not, so be it. It would hurt my pride, no doubt; but I figured, perhaps
somewhat cavalierly, that there were plenty of other places to work, even if not
with the prestige of Berkeley, and I believed that I could be happy
professionally in any number of institutions. As things turned out, I never
actually had to test that belief.) The
one disadvantage of being the newest kid on the block was that the several
Ph.D. students that were already working on their degrees in industrial
psychology in the department were not exactly, and automatically, desirous of
working with me. They were very
friendly, but they correctly sensed that I could contribute relatively little to
their knowledge of the field. In
fact, when I arrived in 1956, all of the doctoral students obviously were way
ahead of me in this regard. Given
this situation, I turned to working with a couple of new, entering students
after I had been there for a couple of years. Fortunately, they were not as
aware of my relative newness to the field (nor to the faculty).
Thus, due to our reciprocal naivete, as it were, I was able to begin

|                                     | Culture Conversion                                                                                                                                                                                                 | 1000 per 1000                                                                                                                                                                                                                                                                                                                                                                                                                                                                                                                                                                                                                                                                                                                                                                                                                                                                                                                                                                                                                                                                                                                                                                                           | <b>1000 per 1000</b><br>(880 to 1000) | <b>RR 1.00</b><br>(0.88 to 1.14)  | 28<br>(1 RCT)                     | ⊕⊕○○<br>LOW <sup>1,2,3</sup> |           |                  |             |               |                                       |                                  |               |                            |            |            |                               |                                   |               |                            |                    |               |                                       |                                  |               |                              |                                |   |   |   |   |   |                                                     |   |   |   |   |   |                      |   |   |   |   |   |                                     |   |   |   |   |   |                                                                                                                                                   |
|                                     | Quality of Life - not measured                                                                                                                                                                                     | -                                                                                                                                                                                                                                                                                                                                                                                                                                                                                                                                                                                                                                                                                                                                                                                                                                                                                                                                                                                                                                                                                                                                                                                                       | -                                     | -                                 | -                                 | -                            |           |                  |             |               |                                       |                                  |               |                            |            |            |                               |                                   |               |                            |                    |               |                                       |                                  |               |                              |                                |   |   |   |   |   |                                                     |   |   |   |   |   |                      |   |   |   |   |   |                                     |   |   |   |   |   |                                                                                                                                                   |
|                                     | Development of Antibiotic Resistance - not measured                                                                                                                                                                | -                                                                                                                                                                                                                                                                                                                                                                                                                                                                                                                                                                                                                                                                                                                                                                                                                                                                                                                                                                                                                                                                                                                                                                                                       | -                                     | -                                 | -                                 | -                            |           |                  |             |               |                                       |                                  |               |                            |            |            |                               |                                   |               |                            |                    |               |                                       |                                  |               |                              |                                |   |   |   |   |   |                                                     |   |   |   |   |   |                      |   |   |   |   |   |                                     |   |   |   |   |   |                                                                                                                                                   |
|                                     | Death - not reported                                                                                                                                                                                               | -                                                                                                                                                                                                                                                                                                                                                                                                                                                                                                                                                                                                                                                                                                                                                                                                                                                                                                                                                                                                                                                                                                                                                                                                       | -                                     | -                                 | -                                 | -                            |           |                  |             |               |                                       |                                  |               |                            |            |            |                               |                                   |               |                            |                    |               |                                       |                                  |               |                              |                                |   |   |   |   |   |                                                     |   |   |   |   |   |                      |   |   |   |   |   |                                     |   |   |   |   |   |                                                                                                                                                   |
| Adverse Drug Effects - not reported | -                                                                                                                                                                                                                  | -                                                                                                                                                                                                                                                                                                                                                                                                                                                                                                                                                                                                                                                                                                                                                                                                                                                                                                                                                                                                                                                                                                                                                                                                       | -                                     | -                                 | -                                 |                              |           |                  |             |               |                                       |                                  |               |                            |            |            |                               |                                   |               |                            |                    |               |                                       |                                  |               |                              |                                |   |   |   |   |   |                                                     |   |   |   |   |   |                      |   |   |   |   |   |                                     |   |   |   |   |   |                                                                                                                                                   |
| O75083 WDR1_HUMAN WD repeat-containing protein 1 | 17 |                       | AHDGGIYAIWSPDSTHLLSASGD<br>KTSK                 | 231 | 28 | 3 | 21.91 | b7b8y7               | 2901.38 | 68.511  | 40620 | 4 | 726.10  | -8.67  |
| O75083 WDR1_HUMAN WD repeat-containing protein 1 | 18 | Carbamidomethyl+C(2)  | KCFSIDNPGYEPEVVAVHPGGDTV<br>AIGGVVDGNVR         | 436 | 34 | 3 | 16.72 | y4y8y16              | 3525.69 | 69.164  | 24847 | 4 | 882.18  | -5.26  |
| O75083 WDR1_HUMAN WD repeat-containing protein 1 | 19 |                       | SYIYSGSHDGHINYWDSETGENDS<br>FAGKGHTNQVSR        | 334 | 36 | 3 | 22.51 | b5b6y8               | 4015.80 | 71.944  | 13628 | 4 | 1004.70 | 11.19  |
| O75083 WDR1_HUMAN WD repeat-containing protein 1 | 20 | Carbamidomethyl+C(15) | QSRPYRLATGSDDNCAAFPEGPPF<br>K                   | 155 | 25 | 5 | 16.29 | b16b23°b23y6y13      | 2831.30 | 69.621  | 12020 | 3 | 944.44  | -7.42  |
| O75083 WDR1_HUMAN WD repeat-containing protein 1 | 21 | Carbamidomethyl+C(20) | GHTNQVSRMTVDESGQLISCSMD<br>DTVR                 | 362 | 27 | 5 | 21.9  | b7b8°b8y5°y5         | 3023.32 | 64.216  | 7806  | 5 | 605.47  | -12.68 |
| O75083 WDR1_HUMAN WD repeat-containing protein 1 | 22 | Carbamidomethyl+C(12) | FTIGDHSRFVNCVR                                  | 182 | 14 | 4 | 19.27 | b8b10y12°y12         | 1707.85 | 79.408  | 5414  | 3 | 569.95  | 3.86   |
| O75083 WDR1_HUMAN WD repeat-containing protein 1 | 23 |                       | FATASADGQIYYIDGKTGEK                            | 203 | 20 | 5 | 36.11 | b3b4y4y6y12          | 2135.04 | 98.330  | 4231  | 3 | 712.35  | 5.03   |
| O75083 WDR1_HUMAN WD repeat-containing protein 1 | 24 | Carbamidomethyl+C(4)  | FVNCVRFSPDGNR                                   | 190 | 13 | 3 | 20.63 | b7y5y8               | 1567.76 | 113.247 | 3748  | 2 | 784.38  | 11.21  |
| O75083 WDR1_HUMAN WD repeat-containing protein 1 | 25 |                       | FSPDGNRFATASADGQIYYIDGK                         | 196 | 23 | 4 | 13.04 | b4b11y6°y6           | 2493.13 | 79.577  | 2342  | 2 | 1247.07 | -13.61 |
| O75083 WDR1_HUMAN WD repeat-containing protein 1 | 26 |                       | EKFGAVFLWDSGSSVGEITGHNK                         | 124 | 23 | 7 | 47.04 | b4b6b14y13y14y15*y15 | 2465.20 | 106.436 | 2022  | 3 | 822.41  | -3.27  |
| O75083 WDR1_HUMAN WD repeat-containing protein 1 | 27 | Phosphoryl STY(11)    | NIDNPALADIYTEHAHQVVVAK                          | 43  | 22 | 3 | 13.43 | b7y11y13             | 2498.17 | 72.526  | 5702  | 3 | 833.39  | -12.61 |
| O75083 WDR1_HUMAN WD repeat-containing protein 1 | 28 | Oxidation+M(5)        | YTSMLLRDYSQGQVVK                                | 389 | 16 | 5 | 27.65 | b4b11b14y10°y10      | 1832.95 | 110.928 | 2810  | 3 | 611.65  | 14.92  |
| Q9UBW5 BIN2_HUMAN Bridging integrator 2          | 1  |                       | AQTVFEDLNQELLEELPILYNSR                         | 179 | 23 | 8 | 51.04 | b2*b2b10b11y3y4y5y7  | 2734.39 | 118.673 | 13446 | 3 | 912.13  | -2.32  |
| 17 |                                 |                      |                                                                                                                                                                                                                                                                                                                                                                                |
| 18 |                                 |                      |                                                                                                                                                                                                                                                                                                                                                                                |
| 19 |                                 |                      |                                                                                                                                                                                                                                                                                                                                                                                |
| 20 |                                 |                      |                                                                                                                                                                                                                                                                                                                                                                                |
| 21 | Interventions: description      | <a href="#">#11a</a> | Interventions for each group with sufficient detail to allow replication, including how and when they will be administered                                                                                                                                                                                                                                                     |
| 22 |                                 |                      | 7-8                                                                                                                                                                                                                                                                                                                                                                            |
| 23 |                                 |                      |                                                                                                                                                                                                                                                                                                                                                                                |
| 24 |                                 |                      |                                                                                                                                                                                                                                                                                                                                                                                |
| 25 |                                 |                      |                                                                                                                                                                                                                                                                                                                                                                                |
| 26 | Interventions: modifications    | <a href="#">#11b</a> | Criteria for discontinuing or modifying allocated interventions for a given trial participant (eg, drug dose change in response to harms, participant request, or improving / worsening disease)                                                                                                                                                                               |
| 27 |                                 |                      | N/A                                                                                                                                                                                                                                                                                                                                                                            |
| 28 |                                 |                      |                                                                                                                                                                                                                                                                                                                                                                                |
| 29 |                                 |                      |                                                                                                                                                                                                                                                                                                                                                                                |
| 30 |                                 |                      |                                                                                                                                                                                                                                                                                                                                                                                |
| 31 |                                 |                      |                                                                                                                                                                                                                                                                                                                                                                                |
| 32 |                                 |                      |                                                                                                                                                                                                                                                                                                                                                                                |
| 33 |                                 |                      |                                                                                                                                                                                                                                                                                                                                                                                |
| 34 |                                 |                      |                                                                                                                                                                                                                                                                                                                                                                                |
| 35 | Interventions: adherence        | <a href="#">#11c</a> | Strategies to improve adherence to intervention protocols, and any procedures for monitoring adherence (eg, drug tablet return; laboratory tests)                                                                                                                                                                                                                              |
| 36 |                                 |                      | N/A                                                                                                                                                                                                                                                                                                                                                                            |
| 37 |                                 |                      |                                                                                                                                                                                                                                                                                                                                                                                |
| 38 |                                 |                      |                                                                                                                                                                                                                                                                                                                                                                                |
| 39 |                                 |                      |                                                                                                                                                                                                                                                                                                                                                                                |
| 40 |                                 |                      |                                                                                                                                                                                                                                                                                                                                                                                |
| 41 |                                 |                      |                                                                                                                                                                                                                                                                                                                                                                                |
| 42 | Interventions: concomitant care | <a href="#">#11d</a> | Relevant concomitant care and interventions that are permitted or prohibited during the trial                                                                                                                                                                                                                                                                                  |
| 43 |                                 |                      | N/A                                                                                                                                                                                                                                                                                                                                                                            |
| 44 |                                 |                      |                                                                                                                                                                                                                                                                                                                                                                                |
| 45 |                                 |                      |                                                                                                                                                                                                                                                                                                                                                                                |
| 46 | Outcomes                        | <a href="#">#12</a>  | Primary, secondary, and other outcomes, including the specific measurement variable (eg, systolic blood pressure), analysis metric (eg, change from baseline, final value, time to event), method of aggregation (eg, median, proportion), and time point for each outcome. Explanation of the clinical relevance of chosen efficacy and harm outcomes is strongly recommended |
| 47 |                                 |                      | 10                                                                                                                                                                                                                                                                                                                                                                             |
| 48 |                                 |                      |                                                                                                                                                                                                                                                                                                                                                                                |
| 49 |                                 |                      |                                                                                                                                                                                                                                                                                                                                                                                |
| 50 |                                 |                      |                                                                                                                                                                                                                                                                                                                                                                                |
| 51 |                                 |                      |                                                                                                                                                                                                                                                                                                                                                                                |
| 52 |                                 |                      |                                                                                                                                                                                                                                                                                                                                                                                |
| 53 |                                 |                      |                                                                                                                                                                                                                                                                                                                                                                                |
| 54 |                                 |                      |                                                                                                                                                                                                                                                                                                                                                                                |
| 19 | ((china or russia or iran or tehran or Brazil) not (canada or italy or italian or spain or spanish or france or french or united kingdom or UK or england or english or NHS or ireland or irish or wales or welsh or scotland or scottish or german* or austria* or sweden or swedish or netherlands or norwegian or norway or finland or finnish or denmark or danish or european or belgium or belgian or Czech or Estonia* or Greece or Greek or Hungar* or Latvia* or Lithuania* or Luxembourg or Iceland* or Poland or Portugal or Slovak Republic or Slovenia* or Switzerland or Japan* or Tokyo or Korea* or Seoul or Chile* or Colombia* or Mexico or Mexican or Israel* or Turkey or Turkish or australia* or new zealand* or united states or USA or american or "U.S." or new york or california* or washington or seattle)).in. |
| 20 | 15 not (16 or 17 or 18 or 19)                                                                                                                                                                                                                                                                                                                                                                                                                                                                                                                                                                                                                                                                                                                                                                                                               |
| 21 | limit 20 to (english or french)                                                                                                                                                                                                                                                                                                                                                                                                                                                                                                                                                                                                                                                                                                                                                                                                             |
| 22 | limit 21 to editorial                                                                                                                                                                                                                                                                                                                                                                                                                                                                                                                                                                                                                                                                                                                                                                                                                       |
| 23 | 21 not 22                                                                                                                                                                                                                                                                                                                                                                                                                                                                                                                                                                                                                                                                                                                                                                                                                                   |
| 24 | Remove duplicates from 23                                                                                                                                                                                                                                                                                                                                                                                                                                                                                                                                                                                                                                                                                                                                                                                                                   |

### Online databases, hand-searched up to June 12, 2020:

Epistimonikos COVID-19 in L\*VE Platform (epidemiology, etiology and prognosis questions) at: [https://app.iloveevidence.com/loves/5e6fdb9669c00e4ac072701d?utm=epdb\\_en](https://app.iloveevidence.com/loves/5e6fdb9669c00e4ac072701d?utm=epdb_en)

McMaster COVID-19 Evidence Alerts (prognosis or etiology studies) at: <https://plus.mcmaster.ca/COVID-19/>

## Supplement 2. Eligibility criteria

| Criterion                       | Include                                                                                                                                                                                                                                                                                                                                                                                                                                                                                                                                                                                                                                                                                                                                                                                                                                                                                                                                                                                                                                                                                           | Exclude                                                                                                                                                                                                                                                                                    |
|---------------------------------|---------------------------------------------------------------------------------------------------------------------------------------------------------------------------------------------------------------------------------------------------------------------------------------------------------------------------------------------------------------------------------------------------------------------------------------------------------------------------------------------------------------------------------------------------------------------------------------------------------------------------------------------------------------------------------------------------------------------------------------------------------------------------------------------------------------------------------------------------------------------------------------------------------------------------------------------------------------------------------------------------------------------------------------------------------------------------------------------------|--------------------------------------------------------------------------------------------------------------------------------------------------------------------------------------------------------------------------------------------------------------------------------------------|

my first intensive work with doctoral students, a challenge and pleasure that I
have enjoyed ever since.
Following my first article in the organizational
(industrial psychology) field with Ghiselli, I had proceeded over the next
couple of years to write several articles (#s 7, 9, 10, 11 and 12 on the
attached bibliography) that utilized the extensive data set that had been
collected originally by Ghiselli for other purposes relating to the development
of his Description Inventory. My
interests were in understanding the structure of organizations, particularly the
management sector, and how that structure was related to the types of
individuals who were most likely to be found in the different component parts of
an organization. This in turn led
me to thinking about how job attitudes might vary throughout the typical
organizational structure and the possible implications of those patterns of
attitudes. Due to the fortuitous
circumstances of the fact that the Ford Foundation had taken an interest in
business education issues relating to it, I was able, in 1959, to obtain a Ford
Foundation Faculty Research Fellowship. This
provided a relief from teaching responsibilities for the 1959-60 academic year
and furthermore allowed me to employ a graduate research assistant (R.A.), since
the department of psychology did not have the resources to provide such funds to
junior faculty. With these funds, I
hired my first R.A., Mildred Henry (now the president of a small college in the
San Francisco Bay Area). With
Millie's willing and tireless help, I was able to develop a need satisfaction
instrument based on (but not testing) Maslow's need hierarchy theory.